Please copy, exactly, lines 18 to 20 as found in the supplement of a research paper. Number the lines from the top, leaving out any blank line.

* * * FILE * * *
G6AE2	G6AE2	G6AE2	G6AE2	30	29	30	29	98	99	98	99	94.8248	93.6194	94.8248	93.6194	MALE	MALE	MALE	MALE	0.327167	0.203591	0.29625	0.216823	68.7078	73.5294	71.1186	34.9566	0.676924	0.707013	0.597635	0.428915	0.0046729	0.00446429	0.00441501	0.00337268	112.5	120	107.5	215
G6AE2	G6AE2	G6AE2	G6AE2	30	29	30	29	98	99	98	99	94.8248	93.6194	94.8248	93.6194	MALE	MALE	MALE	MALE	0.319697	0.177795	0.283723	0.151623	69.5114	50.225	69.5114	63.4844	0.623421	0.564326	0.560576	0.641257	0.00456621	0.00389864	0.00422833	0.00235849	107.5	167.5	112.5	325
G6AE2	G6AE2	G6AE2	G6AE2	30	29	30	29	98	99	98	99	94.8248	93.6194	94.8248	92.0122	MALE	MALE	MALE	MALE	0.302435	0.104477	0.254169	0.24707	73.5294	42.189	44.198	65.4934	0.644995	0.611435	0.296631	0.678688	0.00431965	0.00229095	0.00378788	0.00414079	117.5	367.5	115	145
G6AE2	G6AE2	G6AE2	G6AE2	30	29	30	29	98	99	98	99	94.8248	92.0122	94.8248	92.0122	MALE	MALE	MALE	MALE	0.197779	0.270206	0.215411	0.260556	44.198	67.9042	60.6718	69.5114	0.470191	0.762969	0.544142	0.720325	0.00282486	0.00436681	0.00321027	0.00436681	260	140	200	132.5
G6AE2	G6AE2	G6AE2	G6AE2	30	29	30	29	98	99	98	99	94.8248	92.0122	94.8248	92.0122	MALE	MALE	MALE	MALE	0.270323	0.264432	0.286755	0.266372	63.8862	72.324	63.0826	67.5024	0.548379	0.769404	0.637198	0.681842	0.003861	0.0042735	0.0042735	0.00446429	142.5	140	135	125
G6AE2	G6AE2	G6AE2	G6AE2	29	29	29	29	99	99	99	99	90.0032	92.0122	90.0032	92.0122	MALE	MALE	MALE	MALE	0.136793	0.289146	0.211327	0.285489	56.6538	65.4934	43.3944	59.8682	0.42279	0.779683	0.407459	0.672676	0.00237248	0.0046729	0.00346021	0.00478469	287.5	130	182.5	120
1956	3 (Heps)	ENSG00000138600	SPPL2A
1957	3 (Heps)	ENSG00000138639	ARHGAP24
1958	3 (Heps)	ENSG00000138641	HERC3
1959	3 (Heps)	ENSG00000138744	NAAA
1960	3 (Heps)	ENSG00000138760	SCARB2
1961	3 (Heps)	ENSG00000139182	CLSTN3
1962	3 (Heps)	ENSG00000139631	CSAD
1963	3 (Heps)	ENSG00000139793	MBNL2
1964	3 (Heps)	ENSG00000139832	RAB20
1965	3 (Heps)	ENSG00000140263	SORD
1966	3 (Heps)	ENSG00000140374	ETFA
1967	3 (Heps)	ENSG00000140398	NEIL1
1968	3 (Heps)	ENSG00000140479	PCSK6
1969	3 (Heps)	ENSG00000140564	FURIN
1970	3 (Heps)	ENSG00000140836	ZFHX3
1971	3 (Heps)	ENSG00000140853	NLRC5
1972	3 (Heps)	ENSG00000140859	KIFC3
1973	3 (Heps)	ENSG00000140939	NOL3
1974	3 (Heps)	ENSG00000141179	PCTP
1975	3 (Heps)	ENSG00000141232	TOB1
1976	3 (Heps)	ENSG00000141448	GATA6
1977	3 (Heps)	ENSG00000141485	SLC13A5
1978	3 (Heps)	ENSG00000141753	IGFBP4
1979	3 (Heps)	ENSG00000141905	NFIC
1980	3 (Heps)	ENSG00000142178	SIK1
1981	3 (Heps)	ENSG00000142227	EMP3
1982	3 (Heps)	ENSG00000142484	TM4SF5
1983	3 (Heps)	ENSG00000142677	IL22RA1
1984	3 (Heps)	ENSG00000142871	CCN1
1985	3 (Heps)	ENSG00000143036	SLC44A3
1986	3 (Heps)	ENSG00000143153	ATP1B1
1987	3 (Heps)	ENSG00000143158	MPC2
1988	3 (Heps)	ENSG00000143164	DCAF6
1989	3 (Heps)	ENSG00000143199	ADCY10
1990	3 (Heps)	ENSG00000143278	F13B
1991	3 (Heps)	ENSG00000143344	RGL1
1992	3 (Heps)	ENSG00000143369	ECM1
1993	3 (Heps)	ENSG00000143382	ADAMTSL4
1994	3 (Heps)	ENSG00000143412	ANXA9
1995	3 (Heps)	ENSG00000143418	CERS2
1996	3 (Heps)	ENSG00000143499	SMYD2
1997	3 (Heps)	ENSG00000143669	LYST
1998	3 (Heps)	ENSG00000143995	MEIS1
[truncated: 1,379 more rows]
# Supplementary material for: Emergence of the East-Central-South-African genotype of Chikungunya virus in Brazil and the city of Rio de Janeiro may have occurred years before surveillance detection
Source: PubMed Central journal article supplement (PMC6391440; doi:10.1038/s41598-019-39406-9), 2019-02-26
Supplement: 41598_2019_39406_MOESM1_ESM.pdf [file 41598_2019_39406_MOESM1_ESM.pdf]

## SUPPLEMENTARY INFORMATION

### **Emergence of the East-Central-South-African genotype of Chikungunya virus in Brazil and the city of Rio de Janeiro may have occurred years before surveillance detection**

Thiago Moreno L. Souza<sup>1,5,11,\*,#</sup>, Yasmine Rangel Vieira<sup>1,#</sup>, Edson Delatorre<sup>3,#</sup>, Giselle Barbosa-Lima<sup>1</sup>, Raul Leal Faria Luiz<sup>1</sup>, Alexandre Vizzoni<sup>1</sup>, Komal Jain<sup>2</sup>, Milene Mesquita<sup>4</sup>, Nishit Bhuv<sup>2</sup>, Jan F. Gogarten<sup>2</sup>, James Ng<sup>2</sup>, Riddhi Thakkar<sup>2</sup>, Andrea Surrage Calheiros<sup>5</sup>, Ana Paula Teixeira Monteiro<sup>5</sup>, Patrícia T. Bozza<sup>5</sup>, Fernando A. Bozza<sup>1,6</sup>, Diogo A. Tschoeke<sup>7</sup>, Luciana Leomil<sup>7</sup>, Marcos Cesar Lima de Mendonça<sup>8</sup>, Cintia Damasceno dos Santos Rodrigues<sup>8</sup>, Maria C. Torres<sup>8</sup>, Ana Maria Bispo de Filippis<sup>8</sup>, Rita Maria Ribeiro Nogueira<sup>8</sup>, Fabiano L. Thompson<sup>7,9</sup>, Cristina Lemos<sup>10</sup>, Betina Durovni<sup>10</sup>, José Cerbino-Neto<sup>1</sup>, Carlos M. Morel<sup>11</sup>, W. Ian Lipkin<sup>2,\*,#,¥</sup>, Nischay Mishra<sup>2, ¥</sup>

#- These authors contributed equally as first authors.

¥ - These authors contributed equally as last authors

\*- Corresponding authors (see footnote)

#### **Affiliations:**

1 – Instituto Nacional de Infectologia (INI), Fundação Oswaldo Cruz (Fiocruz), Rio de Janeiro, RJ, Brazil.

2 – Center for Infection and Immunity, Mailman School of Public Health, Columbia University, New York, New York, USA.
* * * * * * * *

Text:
1967	3 (Heps)	ENSG00000140398	NEIL1
1968	3 (Heps)	ENSG00000140479	PCSK6
1969	3 (Heps)	ENSG00000140564	FURIN